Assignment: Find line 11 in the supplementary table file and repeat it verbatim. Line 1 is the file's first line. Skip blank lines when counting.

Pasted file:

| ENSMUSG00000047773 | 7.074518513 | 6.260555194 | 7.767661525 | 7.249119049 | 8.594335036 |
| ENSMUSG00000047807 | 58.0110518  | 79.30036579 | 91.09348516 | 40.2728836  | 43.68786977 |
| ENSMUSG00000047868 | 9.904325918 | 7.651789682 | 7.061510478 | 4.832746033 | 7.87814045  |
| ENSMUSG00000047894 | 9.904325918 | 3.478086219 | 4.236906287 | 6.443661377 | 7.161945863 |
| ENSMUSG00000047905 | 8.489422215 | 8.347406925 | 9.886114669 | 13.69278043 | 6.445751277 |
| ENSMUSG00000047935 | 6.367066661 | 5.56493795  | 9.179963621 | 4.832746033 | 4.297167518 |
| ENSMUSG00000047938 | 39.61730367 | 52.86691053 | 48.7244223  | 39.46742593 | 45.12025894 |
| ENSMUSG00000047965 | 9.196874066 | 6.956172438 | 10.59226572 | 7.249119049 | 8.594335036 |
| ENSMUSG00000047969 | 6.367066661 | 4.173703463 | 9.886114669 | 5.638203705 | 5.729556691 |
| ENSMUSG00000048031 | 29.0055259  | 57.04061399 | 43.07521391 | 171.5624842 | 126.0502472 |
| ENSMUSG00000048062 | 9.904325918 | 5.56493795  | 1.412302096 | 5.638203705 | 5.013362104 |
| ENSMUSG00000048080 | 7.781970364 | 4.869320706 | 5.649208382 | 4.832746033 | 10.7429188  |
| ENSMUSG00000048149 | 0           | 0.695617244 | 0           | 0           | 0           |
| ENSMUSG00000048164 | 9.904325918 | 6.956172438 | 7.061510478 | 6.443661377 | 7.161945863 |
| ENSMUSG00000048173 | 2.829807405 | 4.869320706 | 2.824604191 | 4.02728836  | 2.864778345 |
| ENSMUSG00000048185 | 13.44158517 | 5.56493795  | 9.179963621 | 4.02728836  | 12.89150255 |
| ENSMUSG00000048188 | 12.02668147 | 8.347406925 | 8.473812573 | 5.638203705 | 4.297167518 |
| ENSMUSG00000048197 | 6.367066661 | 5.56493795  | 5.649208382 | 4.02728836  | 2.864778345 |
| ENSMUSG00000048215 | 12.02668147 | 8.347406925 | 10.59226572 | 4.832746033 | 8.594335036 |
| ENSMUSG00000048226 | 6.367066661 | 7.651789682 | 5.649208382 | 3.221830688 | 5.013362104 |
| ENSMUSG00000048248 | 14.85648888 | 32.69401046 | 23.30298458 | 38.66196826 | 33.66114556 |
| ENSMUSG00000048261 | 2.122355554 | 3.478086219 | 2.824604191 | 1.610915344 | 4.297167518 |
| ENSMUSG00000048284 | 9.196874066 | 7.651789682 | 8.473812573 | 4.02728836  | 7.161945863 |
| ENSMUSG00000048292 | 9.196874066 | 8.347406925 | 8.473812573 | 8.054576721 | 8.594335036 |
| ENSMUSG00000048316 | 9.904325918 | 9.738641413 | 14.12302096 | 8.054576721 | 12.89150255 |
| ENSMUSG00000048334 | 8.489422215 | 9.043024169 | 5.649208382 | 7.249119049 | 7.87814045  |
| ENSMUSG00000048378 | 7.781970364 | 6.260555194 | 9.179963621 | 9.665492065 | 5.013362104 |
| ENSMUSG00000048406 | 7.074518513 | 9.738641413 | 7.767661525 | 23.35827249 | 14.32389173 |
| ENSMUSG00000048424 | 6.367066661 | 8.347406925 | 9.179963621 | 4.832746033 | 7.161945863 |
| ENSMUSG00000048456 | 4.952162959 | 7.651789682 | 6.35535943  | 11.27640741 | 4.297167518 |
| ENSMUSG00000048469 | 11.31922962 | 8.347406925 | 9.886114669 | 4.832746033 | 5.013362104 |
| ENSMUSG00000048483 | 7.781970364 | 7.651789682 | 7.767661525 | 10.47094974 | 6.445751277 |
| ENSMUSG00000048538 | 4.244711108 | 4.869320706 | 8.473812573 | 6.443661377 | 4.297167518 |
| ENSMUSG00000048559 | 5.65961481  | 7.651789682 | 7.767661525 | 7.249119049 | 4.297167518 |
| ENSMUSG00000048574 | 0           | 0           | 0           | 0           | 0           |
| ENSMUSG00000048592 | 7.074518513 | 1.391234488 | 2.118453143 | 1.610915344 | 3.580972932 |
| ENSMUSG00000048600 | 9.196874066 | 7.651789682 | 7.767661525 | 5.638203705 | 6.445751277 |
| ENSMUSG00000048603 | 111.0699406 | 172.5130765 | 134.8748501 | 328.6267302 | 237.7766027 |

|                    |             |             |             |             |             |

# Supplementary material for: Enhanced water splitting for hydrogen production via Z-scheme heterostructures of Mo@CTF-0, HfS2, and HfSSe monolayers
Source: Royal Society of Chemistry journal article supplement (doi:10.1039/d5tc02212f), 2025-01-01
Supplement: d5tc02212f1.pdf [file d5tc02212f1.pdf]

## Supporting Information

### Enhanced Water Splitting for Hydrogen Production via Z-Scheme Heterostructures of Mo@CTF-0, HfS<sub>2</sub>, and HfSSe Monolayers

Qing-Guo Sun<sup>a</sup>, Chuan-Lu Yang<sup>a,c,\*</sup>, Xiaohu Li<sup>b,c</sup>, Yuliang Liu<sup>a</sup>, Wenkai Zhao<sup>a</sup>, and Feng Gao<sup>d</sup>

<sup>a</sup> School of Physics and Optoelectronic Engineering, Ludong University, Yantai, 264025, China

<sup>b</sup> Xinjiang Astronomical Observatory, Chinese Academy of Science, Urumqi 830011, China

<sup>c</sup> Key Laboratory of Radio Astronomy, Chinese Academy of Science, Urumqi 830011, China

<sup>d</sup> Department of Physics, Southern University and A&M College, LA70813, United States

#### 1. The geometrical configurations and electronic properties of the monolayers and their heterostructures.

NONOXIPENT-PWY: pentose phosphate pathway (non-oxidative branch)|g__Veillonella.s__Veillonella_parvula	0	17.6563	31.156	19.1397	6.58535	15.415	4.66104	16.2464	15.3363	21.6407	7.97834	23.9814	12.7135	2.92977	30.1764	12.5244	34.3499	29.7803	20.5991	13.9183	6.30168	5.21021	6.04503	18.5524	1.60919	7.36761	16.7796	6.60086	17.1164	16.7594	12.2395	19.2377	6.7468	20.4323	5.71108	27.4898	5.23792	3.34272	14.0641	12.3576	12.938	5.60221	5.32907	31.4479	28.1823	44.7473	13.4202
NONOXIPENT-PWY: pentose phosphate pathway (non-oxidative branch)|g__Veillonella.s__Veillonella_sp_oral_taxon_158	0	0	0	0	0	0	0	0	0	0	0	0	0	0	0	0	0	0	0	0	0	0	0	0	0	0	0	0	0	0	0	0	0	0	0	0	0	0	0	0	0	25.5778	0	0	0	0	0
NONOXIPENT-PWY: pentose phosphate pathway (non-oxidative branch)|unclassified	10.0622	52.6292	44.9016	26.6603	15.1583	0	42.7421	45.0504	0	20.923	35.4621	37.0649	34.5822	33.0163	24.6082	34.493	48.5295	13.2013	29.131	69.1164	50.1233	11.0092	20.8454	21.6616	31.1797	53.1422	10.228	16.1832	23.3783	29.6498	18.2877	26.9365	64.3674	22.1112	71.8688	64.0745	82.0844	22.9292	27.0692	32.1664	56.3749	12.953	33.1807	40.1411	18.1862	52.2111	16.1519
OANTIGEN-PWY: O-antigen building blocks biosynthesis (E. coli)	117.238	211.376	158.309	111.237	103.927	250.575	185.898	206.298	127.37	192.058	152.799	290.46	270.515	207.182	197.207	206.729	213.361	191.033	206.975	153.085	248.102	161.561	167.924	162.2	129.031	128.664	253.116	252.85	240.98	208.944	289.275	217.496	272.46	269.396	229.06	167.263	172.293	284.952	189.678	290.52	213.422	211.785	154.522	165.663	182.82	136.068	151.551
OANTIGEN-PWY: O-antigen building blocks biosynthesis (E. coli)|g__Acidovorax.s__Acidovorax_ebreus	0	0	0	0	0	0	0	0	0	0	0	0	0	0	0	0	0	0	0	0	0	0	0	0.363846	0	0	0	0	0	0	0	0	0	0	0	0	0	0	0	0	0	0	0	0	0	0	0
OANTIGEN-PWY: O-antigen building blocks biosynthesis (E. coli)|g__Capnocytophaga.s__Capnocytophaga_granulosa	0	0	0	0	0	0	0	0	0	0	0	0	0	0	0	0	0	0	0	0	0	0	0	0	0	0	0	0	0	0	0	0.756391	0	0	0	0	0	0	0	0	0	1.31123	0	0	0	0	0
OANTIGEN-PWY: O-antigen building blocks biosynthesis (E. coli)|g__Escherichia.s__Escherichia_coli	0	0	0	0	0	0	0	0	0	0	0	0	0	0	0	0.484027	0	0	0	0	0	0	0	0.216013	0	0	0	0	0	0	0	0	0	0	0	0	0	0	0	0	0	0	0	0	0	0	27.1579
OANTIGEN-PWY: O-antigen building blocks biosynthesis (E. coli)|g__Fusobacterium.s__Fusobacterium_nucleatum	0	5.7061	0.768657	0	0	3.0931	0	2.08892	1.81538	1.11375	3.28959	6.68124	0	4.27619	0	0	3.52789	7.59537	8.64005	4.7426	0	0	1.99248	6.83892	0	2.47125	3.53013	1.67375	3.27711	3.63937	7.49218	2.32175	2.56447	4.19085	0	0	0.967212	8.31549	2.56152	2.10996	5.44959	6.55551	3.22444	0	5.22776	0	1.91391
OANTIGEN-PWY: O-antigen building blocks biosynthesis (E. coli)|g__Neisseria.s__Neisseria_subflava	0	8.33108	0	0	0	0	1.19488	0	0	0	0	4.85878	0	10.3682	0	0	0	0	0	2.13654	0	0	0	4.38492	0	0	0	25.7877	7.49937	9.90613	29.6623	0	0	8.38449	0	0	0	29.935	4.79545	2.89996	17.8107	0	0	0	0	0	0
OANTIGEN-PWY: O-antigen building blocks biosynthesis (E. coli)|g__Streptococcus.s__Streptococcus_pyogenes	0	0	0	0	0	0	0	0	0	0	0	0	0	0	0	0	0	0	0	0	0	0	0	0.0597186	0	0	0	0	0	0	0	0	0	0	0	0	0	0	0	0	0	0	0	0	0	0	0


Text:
| ENSMUSG00000048062 | 9.904325918 | 5.56493795  | 1.412302096 | 5.638203705 | 5.013362104 |